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I recently got stuck in a situation like this:

class A
{
public:
    typedef struct/class {...} B;
...
    C::D *someField;
}

class C
{
public:
    typedef struct/class {...} D;
...
    A::B *someField;
}

Usually you can declare a class name:

class A;

But you can't forward declare a nested type, the following causes compilation error.

class C::D;

Any ideas?

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4  
Why do you need that? Note that you can forward declare if it's a member of the same class being defined: class X { class Y; Y *a; }; class X::Y { }; –  Johannes Schaub - litb Jun 4 '09 at 15:33
1  
Fascinating error. –  Paul Nathan Jun 4 '09 at 15:55

4 Answers 4

up vote 91 down vote accepted

You can't do it, it's a hole in the C++ language. You'll have to un-nest at least one of the nested classes.

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2  
Thanks for the answer. In my case, they're not my nested classes. I was hoping to avoid a huge library header file dependency with a little forward reference. I wonder if C++11 fixed it? –  Marsh Ray Nov 7 '11 at 0:57
15  
Oh. Just what I didn't want google to show up. Thanks anyway for the concise answer. –  learnvst Jan 11 '12 at 22:44
7  
Same here ... does someone know why it is not possible ? It seems there is valid use cases, and this lack prevents architecture consistency in some situations. –  Maël Nison Nov 1 '12 at 16:10
class IDontControl
{
    class Nested
    {
        Nested(int i);
    };
};

I needed a forward reference like:

class IDontControl::Nested; // But this doesn't work.

My workaround was:

class IDontControl_Nested; // Forward reference to distinct name.

Later when I could use the full definition:

#include <idontcontrol.h>

// I defined the forward ref like this:
class IDontControl_Nested : public IDontControl::Nested
{
    // Needed to make a forwarding constructor here
    IDontControl_Nested(int i) : Nested(i) { }
};

This technique would probably be more trouble than it's worth if there were complicated constructors or other special member functions that weren't inherited smoothly. I could imagine certain template magic reacting badly.

But in my very simple case, it seems to work.

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1  
In C++11 you can inherit constructors by using basename::basename; in the derived class, thus no problem with complicated ctors. –  Xeo Nov 7 '11 at 1:27
    
+1 for ingenuity. –  namezero Jan 15 at 23:56

If you really want to avoid #including the nasty header file in your header file, you could do this:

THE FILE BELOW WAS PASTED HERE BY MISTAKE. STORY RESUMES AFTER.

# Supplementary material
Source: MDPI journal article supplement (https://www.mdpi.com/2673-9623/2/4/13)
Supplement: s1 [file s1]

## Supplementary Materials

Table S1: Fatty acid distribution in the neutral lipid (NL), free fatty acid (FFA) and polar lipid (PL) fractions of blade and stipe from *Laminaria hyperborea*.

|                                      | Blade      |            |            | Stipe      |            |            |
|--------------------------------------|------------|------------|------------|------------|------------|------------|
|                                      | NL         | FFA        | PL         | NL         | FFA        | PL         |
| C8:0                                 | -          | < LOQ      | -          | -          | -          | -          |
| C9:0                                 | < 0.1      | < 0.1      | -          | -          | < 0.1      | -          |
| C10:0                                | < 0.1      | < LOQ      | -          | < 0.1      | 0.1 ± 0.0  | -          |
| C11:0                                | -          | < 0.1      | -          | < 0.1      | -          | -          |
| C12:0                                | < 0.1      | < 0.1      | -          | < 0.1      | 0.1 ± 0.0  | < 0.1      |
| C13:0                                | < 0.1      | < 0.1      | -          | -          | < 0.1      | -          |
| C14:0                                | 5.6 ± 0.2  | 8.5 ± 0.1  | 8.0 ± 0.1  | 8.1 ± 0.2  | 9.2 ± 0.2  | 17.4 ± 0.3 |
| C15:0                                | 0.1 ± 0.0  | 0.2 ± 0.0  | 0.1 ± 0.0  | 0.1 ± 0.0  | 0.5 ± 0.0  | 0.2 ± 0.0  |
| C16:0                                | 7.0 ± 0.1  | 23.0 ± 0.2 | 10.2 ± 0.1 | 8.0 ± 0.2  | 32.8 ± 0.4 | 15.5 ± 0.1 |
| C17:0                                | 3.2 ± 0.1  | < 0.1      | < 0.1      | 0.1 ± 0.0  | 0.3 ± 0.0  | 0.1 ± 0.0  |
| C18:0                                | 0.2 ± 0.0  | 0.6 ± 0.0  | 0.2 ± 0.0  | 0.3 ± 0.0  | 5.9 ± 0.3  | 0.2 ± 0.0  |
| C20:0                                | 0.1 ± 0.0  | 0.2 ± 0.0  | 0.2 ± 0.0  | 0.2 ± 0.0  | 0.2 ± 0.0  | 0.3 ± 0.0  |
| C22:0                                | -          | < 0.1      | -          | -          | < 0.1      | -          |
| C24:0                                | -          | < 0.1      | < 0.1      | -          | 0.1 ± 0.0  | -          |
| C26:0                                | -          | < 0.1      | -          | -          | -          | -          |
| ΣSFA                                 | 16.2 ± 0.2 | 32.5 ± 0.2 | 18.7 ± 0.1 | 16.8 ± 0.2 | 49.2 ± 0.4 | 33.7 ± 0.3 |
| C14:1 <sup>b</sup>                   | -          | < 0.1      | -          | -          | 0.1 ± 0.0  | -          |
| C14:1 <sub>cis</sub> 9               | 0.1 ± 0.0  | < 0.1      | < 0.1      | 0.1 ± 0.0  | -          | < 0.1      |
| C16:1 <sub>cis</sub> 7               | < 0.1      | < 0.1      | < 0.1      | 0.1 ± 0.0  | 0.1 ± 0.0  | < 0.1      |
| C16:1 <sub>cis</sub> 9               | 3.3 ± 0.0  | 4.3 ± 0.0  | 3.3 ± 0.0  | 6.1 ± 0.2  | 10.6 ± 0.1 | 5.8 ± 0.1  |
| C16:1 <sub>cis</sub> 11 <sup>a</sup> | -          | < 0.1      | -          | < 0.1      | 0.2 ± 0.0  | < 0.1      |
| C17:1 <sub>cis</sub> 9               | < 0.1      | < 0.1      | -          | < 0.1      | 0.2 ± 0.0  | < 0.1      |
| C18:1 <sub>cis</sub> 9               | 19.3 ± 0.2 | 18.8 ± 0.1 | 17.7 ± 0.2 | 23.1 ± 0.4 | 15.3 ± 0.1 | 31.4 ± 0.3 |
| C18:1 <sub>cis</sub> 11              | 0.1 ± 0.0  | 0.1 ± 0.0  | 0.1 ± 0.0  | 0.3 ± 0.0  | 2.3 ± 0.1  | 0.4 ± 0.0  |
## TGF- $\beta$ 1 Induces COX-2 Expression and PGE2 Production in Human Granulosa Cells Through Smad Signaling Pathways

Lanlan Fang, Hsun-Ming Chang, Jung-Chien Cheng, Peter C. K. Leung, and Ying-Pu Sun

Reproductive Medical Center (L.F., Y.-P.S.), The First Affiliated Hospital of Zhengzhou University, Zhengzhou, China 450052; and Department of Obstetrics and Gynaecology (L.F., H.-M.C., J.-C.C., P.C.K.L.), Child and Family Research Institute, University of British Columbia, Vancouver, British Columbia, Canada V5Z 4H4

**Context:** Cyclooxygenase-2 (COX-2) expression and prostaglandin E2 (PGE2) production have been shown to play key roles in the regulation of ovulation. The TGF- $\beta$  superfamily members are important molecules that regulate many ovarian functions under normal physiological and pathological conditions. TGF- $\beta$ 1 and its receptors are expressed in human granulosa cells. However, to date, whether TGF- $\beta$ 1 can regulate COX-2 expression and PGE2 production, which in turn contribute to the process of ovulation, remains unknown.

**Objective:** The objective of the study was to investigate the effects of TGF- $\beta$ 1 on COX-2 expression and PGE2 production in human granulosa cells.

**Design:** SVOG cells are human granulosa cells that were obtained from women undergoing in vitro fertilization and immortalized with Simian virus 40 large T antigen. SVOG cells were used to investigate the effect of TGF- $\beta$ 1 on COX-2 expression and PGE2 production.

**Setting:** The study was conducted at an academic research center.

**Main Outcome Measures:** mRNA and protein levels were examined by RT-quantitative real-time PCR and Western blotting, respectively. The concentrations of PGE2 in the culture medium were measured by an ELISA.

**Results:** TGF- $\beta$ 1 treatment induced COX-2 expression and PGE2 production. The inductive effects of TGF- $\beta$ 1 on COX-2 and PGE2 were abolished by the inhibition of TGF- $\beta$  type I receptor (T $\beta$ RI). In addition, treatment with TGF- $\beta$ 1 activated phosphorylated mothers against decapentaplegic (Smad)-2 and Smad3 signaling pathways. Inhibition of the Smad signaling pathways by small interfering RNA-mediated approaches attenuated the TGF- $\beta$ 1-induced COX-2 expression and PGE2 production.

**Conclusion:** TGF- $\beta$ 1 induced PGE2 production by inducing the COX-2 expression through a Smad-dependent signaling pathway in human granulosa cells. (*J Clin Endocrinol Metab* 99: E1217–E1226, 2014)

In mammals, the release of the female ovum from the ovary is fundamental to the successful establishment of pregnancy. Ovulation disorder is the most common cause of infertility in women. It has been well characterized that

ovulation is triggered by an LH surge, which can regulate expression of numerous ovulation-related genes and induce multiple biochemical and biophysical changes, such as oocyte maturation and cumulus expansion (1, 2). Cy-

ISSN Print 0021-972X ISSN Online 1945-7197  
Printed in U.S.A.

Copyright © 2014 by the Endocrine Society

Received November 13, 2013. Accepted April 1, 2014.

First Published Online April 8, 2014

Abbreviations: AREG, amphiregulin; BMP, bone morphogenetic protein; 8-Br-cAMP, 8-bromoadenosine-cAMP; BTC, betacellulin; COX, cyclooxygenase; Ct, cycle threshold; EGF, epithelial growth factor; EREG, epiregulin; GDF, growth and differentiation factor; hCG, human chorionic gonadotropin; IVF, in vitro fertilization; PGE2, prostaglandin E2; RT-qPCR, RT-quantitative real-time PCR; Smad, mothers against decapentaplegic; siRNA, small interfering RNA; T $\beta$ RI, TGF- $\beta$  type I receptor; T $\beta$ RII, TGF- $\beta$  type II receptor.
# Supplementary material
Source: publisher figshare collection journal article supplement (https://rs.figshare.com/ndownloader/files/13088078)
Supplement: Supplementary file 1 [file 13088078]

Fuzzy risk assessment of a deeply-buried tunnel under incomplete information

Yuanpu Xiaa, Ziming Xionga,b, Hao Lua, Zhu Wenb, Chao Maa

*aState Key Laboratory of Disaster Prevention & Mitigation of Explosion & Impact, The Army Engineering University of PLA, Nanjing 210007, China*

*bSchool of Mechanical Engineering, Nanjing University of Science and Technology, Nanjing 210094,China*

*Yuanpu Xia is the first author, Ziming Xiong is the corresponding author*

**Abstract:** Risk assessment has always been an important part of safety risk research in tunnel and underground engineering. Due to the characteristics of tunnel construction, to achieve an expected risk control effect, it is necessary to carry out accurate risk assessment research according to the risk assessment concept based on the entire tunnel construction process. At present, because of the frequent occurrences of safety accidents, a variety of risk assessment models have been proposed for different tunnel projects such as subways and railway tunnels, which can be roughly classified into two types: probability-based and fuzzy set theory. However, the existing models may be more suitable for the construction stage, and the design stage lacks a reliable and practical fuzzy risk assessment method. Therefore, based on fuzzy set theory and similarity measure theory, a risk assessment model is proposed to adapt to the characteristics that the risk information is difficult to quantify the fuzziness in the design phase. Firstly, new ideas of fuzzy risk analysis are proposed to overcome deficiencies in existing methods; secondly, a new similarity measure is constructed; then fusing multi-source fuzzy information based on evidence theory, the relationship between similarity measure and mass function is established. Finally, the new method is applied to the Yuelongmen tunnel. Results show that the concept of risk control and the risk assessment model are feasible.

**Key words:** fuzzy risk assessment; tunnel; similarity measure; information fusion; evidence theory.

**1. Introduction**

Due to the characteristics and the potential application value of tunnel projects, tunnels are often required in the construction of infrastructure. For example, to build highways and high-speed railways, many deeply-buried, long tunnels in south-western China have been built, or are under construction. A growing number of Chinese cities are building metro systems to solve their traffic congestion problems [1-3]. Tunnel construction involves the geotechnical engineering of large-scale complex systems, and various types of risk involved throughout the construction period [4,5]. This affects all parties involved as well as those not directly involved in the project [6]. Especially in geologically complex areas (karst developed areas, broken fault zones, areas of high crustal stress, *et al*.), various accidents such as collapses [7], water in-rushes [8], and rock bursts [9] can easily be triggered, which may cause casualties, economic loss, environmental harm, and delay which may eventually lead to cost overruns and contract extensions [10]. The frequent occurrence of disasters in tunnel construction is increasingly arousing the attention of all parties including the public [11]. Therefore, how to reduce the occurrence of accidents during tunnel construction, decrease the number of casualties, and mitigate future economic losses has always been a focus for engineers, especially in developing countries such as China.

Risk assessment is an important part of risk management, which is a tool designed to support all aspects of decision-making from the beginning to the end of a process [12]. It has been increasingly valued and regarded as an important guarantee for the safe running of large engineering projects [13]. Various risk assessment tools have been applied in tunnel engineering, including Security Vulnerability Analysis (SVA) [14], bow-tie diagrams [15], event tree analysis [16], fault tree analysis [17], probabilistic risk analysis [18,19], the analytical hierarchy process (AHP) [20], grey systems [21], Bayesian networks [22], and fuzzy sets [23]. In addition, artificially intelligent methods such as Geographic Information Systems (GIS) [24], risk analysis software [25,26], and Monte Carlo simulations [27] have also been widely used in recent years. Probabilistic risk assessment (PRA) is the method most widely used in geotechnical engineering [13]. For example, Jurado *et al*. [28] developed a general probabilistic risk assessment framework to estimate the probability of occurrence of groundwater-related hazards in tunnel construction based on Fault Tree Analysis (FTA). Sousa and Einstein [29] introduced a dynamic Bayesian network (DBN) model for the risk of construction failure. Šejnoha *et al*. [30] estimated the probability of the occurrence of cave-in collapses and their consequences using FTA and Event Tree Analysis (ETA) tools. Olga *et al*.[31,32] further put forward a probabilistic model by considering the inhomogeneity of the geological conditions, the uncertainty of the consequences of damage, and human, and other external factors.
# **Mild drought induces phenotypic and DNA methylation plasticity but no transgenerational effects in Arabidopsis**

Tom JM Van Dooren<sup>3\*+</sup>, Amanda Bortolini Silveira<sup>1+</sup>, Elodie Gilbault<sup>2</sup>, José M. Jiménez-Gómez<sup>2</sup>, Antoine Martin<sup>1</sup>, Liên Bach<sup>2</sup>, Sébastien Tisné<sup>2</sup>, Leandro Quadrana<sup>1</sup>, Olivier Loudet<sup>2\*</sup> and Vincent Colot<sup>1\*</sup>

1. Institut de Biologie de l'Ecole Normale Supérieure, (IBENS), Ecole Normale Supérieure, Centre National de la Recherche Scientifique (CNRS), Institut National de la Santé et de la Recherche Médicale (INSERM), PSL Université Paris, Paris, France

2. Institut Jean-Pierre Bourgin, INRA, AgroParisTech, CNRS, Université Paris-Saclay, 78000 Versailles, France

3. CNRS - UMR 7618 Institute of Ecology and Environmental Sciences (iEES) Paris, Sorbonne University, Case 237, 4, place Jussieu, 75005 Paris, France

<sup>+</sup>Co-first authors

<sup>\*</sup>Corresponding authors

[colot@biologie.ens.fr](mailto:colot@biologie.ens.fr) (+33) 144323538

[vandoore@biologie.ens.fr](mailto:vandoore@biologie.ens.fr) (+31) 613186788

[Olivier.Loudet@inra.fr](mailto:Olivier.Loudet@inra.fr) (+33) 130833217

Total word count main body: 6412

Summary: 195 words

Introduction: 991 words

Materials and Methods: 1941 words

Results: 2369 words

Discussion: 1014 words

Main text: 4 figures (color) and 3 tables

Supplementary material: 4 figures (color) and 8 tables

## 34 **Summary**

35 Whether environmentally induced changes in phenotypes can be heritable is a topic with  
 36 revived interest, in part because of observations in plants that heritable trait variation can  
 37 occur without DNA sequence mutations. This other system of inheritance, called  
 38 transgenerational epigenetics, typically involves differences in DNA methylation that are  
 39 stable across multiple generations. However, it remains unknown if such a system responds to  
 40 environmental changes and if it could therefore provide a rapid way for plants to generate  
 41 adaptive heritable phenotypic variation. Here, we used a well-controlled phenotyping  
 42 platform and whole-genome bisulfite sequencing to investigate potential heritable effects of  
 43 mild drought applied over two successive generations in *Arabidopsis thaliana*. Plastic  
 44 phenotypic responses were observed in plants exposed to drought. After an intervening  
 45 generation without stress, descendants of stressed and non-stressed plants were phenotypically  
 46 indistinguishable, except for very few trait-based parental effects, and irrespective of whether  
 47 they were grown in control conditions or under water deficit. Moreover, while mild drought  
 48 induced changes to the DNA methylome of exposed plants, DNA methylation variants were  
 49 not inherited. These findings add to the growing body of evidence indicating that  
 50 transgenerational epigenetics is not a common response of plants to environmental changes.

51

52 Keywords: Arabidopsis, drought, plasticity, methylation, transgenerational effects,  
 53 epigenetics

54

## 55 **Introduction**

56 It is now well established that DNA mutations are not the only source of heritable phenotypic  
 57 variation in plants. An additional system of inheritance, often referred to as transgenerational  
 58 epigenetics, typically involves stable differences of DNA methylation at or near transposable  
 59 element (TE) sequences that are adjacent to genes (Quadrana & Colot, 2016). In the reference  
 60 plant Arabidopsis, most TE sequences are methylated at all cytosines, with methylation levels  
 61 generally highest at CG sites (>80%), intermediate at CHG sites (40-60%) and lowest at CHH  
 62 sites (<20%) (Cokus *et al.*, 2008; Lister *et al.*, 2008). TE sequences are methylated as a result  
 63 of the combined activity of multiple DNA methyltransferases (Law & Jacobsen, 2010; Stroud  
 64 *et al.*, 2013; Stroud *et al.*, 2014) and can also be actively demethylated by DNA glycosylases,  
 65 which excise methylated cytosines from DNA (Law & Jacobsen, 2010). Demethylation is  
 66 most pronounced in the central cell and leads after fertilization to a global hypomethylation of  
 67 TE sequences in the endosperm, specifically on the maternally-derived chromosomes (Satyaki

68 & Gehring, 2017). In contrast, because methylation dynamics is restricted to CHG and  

hpp file:

class MyClass
{
public:
    template<typename ThrowAway>
    void doesStuff();
};

cpp file

#include "MyClass.hpp"
#include "Annoying-3rd-party.hpp"

template<> void MyClass::doesStuff<This::Is::An::Embedded::Type>()
{
    // ...
}

But then:

  1. you will have to specify the embedded type at call time (especially if your function does not take any parameters of the embedded type)
  2. your function can not be virtual (because it is a template)

So, yeah, tradeoffs...

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What the heck is an hpp file? –  Neal Apr 16 '12 at 12:58
    
lol, an .hpp header file is used in C++ projects to distinguish it from a C header file which typically ends with .h. When working with C++ and C in the same project some people prefer .hpp and .cpp for C++ files, to make it explicitly with what type of files their dealing with, and .h and .c for C files. –  dZkF9RWJT6wN8ux Dec 3 '12 at 14:16

I would not call this an answer, but nonetheless an interesting find: If you repeat the declaration of your struct in a namespace called C, everything is fine (in gcc at least). When the class definition of C is found, it seems to silently overwrite the namspace C.

namespace C {
    typedef struct {} D;
}

class A
{
public:
 typedef struct/class {...} B;
...
C::D *someField;
}

class C
{
public:
   typedef struct/class {...} D;
...
   A::B *someField;
}
share|improve this answer
    
I tried this with cygwin gcc and it doesn't compile if you try to reference A.someField. C::D in the class A definition actually refers the the (empty) struct in the namespace, not the struct in the class C (BTW this doesn't compile in MSVC) –  Dolphin Jun 4 '09 at 16:44
    
It gives the error: "'class C' redeclared as different kind of symbol" –  Calmarius Jun 4 '09 at 16:53
5  
Looks like a GCC bug. It seems to think a namespace name can hide a class name in the same scope. –  Johannes Schaub - litb Jun 4 '09 at 17:32

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